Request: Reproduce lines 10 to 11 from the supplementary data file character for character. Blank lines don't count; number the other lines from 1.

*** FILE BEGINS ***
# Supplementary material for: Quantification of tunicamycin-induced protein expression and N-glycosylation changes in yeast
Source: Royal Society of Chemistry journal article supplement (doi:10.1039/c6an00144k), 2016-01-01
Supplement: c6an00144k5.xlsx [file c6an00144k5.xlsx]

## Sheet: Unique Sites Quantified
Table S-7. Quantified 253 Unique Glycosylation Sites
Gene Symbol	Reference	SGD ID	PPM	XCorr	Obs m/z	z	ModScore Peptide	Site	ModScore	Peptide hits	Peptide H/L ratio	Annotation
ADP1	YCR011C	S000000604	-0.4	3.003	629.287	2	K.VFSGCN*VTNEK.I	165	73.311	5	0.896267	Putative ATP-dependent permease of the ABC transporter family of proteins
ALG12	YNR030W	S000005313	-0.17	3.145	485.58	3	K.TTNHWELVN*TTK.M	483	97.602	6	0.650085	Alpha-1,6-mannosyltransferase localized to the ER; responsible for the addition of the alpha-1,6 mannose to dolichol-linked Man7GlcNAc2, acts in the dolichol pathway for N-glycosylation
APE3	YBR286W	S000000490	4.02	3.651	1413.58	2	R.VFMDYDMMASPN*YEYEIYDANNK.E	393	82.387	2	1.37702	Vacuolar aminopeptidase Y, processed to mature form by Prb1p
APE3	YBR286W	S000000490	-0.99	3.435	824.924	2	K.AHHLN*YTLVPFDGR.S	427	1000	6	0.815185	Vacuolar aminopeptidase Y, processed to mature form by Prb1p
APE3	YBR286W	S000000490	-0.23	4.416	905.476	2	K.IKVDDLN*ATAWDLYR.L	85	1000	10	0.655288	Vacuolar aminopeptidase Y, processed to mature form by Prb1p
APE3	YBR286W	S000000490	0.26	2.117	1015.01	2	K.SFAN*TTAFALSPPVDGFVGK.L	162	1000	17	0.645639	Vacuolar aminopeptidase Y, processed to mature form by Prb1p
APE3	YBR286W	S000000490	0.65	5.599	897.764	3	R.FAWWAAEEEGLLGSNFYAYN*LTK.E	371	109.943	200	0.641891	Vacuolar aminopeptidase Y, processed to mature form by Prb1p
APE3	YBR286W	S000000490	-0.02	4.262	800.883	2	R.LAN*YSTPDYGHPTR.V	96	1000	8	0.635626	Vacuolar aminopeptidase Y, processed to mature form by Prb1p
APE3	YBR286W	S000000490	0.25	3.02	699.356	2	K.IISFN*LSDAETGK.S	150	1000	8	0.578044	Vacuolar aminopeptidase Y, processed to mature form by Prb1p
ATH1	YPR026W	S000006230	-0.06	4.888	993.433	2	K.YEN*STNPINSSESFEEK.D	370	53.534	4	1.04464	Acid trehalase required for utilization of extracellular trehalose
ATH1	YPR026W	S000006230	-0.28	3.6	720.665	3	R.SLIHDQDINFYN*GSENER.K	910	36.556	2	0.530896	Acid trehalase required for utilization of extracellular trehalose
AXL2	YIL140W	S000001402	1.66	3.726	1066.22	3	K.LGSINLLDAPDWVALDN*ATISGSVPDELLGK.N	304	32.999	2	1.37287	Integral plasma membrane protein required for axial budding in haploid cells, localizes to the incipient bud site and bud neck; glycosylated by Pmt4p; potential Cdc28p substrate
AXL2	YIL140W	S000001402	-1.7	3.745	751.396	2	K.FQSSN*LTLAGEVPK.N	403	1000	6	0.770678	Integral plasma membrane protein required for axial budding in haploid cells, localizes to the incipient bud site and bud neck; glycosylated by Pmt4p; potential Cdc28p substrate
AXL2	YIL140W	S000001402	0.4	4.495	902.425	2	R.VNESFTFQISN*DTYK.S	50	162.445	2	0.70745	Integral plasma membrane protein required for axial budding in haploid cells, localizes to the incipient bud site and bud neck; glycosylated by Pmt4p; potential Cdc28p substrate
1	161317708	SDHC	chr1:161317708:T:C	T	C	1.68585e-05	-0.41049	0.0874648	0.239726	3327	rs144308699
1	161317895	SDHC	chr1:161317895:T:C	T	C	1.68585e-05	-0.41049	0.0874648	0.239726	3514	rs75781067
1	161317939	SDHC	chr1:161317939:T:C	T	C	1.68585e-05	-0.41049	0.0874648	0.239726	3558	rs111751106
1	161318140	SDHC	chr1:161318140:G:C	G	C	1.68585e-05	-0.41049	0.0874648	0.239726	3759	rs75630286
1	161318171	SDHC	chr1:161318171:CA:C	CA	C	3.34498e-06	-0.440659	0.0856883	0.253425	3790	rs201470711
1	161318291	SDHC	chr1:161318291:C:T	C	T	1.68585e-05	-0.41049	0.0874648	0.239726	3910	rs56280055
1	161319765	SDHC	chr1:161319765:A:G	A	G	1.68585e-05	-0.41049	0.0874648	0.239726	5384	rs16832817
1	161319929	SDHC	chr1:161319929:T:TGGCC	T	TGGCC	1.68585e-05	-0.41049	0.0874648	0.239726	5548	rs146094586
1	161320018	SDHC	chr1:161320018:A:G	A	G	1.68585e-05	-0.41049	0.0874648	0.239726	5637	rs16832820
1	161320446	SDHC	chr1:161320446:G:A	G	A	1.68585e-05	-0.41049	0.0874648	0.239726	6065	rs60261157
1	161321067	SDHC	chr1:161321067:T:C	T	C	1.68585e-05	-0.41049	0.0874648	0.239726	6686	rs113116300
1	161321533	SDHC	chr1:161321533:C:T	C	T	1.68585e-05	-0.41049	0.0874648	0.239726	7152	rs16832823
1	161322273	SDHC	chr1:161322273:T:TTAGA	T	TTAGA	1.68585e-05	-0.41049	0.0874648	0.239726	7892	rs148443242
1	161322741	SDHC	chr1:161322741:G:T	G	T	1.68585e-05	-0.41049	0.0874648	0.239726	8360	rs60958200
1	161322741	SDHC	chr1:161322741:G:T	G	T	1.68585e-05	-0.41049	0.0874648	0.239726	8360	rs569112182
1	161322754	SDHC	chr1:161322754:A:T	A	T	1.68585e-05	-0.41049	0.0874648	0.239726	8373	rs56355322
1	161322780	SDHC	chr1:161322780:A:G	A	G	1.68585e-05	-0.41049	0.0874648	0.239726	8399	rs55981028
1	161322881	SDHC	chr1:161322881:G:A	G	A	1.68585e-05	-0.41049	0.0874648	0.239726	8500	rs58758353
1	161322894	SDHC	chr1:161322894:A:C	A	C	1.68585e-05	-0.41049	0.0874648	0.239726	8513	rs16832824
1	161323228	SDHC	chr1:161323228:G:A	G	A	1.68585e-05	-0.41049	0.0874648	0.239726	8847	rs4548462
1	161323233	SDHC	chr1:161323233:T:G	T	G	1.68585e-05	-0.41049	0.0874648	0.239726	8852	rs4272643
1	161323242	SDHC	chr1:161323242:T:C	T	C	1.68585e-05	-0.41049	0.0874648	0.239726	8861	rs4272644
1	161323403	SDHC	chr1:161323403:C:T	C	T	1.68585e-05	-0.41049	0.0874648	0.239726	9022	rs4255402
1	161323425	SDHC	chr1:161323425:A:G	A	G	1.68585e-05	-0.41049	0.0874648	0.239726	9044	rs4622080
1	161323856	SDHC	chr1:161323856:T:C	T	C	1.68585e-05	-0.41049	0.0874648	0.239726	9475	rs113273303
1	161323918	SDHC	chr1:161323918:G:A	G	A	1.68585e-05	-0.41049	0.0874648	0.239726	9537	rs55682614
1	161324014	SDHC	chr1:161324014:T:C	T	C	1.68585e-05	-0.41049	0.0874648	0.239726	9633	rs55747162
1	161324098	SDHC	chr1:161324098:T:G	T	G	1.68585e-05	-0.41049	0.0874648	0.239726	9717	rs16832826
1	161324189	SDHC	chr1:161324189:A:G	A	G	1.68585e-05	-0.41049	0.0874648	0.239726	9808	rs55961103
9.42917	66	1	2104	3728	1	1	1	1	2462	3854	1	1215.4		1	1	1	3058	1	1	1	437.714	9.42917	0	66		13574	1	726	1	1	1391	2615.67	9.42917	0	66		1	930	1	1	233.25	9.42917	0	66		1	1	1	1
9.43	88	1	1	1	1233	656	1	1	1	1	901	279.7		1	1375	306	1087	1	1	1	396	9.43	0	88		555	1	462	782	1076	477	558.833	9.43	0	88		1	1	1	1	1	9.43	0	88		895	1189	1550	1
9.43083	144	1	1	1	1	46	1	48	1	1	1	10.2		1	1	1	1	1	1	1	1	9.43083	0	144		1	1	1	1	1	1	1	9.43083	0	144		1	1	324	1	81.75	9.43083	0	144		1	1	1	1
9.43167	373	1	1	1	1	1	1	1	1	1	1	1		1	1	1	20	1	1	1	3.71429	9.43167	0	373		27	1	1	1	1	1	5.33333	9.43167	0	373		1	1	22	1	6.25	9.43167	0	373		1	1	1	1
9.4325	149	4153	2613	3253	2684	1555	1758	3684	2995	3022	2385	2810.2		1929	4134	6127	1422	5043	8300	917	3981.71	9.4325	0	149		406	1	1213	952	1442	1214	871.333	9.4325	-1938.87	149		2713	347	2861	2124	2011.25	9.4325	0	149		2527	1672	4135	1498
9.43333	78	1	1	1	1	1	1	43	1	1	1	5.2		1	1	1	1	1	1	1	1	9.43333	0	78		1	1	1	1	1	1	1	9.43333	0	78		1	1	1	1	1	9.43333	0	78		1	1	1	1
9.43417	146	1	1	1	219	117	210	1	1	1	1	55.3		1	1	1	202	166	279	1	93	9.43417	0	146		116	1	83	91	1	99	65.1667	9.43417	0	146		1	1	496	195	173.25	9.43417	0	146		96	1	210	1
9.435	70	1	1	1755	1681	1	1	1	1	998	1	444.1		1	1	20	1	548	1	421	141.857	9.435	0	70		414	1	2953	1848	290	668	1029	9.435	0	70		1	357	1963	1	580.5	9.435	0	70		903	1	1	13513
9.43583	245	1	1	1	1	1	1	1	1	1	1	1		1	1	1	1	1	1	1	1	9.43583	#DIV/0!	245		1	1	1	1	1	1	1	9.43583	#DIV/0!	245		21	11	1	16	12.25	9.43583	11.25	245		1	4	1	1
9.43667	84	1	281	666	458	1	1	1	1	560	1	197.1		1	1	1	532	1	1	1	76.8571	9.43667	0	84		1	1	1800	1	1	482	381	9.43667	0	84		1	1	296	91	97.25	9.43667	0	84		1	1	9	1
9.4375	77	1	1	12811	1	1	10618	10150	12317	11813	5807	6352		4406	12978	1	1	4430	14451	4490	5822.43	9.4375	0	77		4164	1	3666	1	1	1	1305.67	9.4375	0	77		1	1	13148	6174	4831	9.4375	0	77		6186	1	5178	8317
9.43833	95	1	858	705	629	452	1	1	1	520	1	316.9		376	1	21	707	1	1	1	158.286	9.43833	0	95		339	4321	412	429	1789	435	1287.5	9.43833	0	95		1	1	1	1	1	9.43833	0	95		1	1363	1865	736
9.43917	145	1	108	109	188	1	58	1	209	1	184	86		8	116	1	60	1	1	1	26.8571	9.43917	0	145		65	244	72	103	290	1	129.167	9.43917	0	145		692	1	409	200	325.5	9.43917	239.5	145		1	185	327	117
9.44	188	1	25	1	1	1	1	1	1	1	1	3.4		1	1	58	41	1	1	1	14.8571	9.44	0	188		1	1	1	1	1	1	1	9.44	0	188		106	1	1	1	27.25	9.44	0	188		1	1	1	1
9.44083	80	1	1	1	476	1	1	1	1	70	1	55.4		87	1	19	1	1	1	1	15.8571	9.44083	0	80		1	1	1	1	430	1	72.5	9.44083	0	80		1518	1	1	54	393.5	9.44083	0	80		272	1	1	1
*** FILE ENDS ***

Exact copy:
APE3	YBR286W	S000000490	-0.99	3.435	824.924	2	K.AHHLN*YTLVPFDGR.S	427	1000	6	0.815185	Vacuolar aminopeptidase Y, processed to mature form by Prb1p
APE3	YBR286W	S000000490	-0.23	4.416	905.476	2	K.IKVDDLN*ATAWDLYR.L	85	1000	10	0.655288	Vacuolar aminopeptidase Y, processed to mature form by Prb1p